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Ophthalmology. 1990 Nov;97(11):1553-61.

Semiconductor diode laser photocoagulation in retinal vascular disease.

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Department of Ophthalmology, Massachusetts Eye and Ear Infirmary, Boston 02114.


The authors successfully performed clinical transpupillary retinal photocoagulation in 30 eyes of 26 patients with retinal vascular disease using a gallium-aluminium-arsenide (GaAlAs) diode laser emitting at 805 nm. Retinal photocoagulation was performed at treatment powers of 300 to 1300 mW and exposure durations of 0.2 to 0.5 seconds with a 200-microns diameter treatment spot. Patients treated with both diode and argon green lasers required 4.5 +/- 1.8 times greater mean laser energy with diode compared with argon to create ophthalmoscopically similar lesions. Parallel experimental retinal photocoagulation in Chinchilla rabbits required 3.1 +/- 0.9 times more power to create ophthalmoscopically similar lesions with the diode laser than with the argon laser. Intraoperative subretinal hemorrhage occurred rarely in patients with an incidence of 4 (0.44%) of 9021 treatment spots. Patients complained of moderate-to-marked pain in 10 (43%) of 23 treatments initiated under topical anesthesia. A transpupillary diode laser may be used clinically to perform therapeutic retinal photocoagulation.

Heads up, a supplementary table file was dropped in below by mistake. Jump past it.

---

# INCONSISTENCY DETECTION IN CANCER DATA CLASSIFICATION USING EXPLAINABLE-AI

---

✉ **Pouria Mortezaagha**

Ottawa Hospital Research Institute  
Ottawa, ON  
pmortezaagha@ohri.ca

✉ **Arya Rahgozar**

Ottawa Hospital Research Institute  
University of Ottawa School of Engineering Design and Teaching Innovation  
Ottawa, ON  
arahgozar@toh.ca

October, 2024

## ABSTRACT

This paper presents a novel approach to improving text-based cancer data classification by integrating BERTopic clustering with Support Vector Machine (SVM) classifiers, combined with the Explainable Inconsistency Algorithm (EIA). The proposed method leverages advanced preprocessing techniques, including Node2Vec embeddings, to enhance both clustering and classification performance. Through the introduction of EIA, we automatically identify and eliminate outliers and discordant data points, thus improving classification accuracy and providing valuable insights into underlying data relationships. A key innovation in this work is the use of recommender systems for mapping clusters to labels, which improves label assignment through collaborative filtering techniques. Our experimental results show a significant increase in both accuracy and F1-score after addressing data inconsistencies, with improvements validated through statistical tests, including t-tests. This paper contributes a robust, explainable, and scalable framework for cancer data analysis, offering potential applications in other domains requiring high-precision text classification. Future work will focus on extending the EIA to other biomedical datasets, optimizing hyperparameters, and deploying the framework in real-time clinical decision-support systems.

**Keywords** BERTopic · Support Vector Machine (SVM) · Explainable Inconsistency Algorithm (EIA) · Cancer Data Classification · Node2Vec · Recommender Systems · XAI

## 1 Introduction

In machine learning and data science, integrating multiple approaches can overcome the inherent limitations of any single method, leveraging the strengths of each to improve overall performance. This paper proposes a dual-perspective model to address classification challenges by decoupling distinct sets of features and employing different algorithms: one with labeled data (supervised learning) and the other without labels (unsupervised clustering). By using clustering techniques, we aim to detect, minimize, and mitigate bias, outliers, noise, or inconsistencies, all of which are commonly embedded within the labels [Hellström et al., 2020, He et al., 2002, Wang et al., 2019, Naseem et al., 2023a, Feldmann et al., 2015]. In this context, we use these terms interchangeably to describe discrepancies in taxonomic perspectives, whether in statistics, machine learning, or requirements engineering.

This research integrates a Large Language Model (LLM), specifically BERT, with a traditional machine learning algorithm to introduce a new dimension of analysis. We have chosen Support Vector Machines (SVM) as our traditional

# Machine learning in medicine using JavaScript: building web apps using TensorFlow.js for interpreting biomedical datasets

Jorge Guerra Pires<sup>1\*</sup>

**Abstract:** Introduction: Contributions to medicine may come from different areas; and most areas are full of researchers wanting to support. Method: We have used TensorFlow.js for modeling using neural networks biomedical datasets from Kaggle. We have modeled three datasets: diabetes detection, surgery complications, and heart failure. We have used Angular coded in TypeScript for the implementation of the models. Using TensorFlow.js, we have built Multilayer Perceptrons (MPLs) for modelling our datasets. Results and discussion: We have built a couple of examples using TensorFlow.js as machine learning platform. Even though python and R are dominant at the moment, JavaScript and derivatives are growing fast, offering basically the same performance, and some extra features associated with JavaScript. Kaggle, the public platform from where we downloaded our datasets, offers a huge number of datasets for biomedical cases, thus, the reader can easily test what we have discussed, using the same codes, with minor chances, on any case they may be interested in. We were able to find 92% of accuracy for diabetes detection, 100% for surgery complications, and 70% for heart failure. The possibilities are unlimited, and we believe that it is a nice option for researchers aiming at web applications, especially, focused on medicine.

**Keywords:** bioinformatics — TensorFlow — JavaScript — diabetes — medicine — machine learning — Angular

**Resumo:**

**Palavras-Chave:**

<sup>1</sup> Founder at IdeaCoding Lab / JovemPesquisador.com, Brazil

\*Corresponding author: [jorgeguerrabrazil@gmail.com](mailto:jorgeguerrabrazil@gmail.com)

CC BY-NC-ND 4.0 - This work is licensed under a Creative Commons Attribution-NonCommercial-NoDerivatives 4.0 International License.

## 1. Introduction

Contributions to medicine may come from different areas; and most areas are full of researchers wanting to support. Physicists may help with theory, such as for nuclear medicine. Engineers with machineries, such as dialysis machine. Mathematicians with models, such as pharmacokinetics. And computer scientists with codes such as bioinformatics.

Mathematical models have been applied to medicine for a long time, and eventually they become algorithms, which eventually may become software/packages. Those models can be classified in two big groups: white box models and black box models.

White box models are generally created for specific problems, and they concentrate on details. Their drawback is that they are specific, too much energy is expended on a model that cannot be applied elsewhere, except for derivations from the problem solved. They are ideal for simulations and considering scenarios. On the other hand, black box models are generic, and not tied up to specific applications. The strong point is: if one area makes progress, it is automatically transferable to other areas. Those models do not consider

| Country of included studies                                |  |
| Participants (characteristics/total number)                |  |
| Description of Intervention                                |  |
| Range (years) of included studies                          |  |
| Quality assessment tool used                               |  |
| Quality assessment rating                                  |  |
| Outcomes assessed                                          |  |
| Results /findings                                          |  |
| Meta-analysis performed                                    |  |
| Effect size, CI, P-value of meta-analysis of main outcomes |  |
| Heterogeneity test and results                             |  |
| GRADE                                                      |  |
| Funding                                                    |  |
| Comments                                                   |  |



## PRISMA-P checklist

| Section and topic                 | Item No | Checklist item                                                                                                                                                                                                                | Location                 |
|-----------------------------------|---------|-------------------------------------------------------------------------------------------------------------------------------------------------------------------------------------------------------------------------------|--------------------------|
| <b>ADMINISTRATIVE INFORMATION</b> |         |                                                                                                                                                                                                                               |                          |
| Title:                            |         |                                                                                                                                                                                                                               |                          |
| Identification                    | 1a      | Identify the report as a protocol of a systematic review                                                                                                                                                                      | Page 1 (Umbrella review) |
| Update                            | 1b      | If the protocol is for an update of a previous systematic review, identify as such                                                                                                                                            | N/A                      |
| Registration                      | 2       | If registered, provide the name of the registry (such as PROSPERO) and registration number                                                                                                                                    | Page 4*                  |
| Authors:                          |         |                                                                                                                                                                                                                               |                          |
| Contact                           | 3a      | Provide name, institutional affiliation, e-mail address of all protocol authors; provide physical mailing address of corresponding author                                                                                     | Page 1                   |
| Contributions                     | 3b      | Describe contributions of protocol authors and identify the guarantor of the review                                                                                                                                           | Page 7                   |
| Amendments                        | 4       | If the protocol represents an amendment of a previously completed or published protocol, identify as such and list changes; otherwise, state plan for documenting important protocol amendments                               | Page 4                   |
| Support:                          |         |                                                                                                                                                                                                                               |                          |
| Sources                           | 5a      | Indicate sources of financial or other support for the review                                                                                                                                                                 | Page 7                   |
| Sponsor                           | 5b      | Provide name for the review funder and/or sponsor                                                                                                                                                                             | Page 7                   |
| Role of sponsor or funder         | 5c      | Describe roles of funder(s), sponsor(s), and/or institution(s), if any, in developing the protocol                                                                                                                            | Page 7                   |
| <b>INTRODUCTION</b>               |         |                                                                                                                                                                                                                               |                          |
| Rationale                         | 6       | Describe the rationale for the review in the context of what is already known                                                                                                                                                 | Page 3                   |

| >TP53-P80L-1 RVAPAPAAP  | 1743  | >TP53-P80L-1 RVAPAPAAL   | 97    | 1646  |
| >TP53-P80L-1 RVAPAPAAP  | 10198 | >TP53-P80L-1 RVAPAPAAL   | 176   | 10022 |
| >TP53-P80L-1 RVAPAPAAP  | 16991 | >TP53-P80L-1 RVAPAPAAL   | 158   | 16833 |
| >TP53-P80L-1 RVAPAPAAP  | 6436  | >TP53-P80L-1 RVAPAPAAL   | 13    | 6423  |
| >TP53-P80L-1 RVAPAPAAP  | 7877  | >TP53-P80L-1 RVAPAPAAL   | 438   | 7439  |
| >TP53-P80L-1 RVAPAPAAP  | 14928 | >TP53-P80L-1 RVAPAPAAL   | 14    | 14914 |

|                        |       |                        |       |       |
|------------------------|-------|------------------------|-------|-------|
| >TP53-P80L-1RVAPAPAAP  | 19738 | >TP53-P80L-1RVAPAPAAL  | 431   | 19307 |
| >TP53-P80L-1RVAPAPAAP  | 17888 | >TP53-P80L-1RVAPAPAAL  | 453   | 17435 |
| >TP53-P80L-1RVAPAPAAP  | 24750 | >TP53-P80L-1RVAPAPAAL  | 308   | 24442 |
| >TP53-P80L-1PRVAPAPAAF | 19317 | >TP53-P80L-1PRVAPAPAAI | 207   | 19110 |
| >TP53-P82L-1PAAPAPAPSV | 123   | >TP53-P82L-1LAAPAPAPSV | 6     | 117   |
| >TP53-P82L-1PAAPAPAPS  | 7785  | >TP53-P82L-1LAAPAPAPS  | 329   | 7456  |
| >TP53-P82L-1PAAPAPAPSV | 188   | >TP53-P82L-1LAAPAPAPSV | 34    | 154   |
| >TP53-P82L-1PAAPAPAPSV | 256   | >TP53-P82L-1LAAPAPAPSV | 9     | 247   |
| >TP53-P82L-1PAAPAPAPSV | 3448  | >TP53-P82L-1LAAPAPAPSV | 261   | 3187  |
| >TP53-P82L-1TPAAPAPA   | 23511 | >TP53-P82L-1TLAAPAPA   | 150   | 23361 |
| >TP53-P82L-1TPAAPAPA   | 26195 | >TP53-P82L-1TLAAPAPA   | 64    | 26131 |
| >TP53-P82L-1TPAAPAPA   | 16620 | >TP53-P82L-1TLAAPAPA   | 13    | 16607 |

[Indexed for MEDLINE]

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